Alex Camarda: Again, it really depends on the issue. In the case of the Compensation Commission, lawmakers should not vote on pay raises for themselves (or the next seated legislature) because it is a conflict of interest. Yet others see a direct vote as being the best form of accountability. Similarly, we believe an independent redistricting commission should be used to draw district boundaries for lawmakers rather than lines being drawn by lawmakers because of the conflict that arises from having a huge stake in the outcome.

Gerald Benjamin: I think that these more recent commissions, not even requiring legislative action on specifics but acting subject to legislative veto, are unconstitutional delegations of legislative authority. They are out of accord with the institutional design of our separation of powers system. Their coming into more general use avoids responsibility and diminishes accountability. This is bad governance and, over the longer term, bad politics, as well.

Susan Lerner: There are times when a commission may be appropriate, like the legislative pay commission. We don’t want lawmakers fixing their own salaries, so it was necessary to avoid a conflict of interest. But we should not be punting the work of the Legislature to unelected people.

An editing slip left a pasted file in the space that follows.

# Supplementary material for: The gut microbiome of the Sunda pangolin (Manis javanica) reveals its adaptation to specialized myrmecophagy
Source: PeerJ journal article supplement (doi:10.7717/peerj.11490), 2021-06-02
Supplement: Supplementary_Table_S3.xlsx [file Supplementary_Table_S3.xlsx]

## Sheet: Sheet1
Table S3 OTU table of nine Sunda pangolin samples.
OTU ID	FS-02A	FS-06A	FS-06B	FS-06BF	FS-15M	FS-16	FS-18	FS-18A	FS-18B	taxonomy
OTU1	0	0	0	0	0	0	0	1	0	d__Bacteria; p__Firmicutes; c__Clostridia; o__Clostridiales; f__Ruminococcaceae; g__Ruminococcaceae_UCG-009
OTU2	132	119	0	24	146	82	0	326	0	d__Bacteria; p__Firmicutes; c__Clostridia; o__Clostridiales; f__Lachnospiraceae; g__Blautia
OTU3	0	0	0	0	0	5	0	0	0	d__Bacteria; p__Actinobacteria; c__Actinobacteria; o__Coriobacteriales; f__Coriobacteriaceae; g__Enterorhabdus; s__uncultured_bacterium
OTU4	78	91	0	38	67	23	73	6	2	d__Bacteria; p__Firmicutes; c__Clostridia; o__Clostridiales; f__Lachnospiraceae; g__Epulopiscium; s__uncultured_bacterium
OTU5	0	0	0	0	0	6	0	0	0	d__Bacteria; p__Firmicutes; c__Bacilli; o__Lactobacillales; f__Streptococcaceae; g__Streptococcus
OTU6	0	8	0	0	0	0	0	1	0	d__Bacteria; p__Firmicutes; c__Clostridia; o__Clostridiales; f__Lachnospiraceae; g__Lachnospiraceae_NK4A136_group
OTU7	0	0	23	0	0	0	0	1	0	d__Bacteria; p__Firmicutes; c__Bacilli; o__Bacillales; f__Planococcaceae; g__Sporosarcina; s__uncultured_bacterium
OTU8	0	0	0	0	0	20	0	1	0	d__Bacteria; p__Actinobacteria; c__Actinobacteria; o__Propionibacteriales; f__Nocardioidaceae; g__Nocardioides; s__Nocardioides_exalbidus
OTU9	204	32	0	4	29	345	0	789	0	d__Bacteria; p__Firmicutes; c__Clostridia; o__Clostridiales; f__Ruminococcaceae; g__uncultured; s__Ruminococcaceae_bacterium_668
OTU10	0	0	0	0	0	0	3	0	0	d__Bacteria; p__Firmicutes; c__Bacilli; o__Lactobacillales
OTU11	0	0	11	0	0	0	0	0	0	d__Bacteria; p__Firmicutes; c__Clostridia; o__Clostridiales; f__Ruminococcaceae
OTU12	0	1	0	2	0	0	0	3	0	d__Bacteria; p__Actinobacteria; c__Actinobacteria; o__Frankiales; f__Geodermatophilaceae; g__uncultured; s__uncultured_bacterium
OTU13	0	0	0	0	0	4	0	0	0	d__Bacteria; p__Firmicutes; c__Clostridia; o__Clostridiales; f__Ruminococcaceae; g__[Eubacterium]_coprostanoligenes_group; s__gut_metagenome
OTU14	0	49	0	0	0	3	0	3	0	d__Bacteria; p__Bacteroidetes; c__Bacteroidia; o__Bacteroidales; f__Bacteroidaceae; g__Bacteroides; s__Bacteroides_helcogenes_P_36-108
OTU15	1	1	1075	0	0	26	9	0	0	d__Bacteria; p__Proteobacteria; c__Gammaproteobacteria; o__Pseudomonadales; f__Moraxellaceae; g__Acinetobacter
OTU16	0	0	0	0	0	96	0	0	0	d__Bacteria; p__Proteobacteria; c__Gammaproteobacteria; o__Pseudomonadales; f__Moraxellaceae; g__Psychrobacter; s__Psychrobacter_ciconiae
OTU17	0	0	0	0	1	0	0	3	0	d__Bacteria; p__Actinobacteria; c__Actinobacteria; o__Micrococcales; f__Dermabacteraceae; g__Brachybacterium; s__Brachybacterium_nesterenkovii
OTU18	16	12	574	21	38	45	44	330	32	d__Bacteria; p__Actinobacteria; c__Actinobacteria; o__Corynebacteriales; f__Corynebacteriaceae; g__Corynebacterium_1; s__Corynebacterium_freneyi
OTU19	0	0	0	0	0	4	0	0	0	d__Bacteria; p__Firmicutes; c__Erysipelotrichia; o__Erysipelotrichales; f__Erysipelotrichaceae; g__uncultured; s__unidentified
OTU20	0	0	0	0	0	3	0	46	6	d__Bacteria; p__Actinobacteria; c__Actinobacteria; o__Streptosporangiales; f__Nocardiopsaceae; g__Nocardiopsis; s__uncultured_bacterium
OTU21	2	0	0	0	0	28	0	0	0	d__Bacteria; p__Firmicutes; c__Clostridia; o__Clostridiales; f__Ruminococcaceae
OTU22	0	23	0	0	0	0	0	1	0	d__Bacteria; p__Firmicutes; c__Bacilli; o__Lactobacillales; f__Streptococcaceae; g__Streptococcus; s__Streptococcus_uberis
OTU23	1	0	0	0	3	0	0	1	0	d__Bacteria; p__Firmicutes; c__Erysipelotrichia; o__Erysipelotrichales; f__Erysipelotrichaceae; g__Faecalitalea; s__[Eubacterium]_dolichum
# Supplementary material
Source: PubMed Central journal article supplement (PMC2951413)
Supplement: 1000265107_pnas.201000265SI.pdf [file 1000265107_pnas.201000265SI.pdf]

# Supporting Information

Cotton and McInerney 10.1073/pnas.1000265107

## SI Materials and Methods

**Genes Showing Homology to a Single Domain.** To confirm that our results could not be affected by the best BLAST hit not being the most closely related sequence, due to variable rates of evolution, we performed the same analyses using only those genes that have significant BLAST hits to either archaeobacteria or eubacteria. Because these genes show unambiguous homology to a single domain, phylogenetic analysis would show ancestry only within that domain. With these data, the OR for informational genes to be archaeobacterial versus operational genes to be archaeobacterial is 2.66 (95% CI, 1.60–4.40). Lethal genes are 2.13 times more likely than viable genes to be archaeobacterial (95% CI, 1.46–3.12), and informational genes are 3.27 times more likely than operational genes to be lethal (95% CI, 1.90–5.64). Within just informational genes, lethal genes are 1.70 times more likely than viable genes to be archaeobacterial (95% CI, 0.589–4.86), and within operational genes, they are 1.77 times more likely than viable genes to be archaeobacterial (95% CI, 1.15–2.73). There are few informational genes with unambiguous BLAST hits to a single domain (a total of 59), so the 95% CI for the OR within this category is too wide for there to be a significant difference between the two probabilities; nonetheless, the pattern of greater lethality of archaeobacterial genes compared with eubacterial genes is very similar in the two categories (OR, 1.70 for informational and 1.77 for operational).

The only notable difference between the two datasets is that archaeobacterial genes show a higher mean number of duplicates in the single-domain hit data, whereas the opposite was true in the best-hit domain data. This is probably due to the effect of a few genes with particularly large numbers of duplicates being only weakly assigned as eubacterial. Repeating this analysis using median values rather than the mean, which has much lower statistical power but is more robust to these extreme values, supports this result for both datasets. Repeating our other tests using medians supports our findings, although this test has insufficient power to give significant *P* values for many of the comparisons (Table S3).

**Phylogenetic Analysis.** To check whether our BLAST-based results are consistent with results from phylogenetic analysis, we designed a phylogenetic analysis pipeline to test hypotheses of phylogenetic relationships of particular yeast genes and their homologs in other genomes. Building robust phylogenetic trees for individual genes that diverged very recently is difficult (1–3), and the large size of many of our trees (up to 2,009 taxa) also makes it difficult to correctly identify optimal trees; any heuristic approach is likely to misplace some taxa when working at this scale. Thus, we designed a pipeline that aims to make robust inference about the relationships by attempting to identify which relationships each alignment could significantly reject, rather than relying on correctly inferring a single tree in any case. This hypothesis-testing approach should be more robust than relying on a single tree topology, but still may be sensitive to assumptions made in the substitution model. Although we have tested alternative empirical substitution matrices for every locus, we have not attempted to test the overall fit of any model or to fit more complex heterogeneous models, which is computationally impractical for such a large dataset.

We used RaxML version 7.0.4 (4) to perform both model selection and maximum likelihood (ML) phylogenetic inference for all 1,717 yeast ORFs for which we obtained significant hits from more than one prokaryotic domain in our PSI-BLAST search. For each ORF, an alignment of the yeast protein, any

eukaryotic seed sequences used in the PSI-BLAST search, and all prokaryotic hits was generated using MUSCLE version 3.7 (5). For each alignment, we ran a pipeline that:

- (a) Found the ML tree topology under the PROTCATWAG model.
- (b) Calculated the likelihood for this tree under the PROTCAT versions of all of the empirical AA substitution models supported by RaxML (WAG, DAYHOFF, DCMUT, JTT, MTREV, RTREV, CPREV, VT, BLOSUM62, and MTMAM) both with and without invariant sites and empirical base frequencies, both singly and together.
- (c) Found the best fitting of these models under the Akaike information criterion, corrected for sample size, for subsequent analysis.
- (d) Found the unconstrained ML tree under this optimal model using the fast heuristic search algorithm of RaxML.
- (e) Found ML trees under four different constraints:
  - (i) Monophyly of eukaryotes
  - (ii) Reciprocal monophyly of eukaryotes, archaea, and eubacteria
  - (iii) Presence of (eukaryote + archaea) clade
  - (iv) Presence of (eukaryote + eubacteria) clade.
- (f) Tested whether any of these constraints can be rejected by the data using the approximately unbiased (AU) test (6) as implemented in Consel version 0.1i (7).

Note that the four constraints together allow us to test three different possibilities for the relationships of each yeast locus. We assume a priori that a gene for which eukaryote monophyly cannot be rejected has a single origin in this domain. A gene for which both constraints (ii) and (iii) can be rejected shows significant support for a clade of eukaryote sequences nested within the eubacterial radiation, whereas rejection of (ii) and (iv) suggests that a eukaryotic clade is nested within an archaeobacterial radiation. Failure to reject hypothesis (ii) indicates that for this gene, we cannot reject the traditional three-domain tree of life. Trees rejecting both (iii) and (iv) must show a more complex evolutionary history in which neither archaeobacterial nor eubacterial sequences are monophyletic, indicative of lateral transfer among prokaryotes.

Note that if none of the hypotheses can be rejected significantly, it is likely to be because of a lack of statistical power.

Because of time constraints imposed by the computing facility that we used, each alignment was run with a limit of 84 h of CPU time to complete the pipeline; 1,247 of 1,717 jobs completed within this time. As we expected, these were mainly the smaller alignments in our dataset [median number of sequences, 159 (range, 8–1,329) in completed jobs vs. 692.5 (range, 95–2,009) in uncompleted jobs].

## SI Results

Ben Max: The commission avenue allows elected leaders to avoid tough decisions and at least some political blowback. It reduces risk, but to what extent is unclear – these commissions can get messy; members of the media will still explain to the public who is really responsible for the outcomes; critics and opponents will still figure out who to blame for policies they don’t like. But the use of commissions does allow elected officials some distance from decisions and some ability to claim credit when they choose. I hesitate to say they are the right approach politically, but, overall, they may be advantageous to the electeds involved. Still, the fact that the new congestion pricing tolls won’t go into effect until just after the next state legislative elections is government at its near-worst, the type of thing that, in combination with the use of these commissions at all, can foster greater political cynicism.